The project

The development of sensitive and selective biosensors is an important research field in synthetic biology. Unfortunately, cellular biosensors often possess undesirable features that complicate any practical application. Common problems are the limited applicability outside of a laboratory due to the use of genetically engineered cells, the low durability because of the utilization of living cells and the appearance of undesired signals induced by endogenous metabolic pathways.

To solve these problems, the iGEM-Team Bielefeld 2011 aims at developing a cell-free bisphenol A (BPA) biosensor based on a coupled enzyme reaction fused to S-layer proteins for everyday use. Bisphenol A is a harmful substance which is used in the production of polycarbonates. To detect BPA, it is degraded by a fusion protein under formation of NAD+ which is detected by an NAD+-dependent enzymatic reaction with a molecular beacon. Both enzymes are fused to S-layer proteins which build up well-defined nanosurfaces and are attached to the surface of beads. By providing these nanobiotechnological building blocks the system is expandable to other applications.


Our project is composed of three subprojects which are joined together in the project overview image below.
S-layer proteins NAD detection BPA degradation


S-layers (crystalline bacterial surface layer) are crystal-like layers consisting of multiple protein monomers and can be found in various (archae-)bacteria. Especially their ability for self-assembly into distinct geometries is of scientific interest. At phase boundaries, in solutions and on a variety of surfaces they form different lattice structures. By modifying the characteristics of the S-layer through combination with functional groups and protein domains it is possible to realize various practical applications. In particular for the production of cell-free biosensors, functional fusion proteins are of great importance. Enzymes fused to immobilized S-layers exhibited a significantly longer durability and were more stable against physical and chemical treatment.

Measured fluorescence of collected fractions after immobilization of purified S-layer proteins fused with fluorescent protein on silica dioxide beads.

We aim to assemble, produce and immobilize S-layer fusion proteins for the detection of BPA by a coupled enzymatic reaction. The provision of various S-layers with different geometries offers the possibility for the scientific community to create functional nanobiotechnological surfaces with simple and standardized methods. More information on the background can be found here.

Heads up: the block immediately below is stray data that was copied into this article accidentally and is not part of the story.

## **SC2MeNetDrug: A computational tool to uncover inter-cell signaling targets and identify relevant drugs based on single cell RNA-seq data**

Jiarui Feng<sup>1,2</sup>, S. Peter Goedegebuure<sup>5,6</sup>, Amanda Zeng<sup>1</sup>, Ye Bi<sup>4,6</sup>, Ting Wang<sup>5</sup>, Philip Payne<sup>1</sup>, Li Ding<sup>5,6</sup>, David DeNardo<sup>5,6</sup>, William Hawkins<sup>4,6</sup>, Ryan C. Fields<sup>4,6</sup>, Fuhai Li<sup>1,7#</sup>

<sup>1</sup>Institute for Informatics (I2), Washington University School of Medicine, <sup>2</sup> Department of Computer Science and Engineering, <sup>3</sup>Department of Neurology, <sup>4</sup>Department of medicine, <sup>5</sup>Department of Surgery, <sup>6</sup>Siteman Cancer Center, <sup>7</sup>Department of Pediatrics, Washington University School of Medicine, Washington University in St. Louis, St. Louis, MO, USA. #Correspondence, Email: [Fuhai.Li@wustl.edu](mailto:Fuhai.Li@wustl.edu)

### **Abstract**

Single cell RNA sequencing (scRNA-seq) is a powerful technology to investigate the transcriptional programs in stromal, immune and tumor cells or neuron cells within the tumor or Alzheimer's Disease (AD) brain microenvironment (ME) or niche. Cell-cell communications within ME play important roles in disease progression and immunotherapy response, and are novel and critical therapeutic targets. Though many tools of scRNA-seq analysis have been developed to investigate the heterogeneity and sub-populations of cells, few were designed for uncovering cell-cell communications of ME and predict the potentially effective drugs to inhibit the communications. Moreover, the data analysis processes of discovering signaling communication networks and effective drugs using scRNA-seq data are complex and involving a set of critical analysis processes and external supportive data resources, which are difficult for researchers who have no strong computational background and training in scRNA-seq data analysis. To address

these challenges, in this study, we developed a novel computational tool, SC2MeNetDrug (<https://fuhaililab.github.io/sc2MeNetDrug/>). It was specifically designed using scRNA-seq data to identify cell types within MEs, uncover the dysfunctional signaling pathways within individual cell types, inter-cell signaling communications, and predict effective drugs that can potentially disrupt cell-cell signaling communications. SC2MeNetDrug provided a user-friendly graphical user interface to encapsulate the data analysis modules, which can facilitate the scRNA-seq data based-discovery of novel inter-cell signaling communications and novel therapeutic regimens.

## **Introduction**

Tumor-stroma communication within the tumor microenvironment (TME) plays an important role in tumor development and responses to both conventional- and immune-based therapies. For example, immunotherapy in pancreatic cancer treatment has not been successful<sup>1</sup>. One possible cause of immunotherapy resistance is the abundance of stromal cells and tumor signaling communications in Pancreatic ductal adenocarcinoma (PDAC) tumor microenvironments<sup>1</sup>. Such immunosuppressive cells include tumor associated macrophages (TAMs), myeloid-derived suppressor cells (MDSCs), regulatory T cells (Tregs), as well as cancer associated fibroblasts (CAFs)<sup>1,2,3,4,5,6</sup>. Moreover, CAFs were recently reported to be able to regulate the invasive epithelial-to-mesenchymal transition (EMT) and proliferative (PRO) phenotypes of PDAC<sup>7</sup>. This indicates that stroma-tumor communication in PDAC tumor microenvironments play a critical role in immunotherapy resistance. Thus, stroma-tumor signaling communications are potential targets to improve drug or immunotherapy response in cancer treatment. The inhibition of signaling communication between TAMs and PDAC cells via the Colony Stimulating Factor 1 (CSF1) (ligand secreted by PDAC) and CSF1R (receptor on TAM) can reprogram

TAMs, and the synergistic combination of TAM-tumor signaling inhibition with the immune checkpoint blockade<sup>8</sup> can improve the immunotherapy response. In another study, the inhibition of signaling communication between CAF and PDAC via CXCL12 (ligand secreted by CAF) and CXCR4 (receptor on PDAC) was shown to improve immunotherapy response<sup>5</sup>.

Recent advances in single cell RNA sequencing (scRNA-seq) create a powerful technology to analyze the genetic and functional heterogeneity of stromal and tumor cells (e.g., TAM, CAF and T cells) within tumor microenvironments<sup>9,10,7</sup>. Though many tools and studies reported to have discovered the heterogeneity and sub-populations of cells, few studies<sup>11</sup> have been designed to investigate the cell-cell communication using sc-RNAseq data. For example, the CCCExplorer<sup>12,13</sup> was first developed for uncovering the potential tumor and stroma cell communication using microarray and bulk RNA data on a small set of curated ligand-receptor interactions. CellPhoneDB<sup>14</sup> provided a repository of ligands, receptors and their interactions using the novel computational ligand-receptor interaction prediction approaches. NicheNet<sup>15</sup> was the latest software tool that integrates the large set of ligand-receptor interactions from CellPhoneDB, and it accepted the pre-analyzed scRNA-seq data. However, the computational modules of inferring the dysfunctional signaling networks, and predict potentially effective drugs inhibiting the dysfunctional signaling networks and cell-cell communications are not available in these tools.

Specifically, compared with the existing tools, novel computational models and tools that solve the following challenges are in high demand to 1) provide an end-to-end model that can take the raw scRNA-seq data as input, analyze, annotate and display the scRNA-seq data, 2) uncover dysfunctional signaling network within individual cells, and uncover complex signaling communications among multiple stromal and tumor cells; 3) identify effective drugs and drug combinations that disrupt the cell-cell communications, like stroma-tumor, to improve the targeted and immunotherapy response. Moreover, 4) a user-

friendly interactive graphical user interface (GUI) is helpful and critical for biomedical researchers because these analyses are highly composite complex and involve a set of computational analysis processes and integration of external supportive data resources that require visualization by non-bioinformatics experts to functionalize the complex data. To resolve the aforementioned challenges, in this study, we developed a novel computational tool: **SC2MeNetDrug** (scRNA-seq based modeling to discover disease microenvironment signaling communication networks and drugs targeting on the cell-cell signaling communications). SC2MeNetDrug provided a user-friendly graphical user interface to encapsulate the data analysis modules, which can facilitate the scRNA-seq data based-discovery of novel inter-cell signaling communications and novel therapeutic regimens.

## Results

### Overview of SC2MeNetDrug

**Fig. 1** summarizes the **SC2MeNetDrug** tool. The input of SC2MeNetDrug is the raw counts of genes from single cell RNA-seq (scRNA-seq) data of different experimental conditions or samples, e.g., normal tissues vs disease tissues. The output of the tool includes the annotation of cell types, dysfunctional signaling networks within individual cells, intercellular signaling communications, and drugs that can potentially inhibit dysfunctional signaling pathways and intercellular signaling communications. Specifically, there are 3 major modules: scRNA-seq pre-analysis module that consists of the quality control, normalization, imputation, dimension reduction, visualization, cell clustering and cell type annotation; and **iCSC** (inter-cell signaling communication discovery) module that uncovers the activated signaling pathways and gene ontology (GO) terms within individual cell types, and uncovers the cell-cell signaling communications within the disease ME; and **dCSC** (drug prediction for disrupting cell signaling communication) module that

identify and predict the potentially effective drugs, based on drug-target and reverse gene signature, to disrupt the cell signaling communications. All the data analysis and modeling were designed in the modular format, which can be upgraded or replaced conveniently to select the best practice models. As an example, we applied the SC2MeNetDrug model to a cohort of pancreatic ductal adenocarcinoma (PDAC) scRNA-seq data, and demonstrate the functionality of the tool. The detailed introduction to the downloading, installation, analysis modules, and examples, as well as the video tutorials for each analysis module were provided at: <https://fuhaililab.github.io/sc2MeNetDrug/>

Results: Four different S-layer BioBricks with different lattice structures were created and sent to the Partsregistry. The performance of these genes when expressed in E. coli was characterized and purification strategies for the expressed proteins were developed. Two purified fluorescent S-layer fusion proteins from different organisms were immobilized on beads, leading to a highly significant fluorescence enhancement of these beads (p < 10-14). Furthermore, regarding the other two S-layers (CspB from Corynebacterium glutamicum and Corynebacterium halotolerans), we discovered that while expression with a lipid anchor resulted in an integration into the cell membrane, the expression with a TAT-sequence resulted in a secretion into the medium. We also detected that those S-layers seem to stabilize the biologically active conformation of mRFP. Furthermore, we expressed and purified a fluorescent CspB fusion protein from C. halotolerans which had not been expressed in E. coli before.

Bisphenol A

BPA degradation by E. coli KRX carrying genes for BisdA and BisdB (only bisdA (black), polycistronic bisdAB (red) and fusion protein between BisdA and BisdB (green)).

The organic compound bisphenol A is a key monomer in the production of polycarbonate plastics and epoxy resins. BPA monomers can leak in small doses from BPA-based plastics into aqueous solutions. This leads to a daily exposure to BPA. As BPA is an endocrine disruptor that mimics the natural hormone estrogen, the exposure may induce negative health effects.

In 2005 a soil bacterium was isolated which is able to degrade the environmental poison bisphenol A with a unique rate and efficiency compared to other BPA degrading organisms. Three genes which are responsible for the first step of this effective BPA degradation were identified: a cytochrome P450 (bisdB), a ferredoxin (bisdA) and a ferredoxin-NADP+ oxidoreductase (FNR). More information on the background can be found here.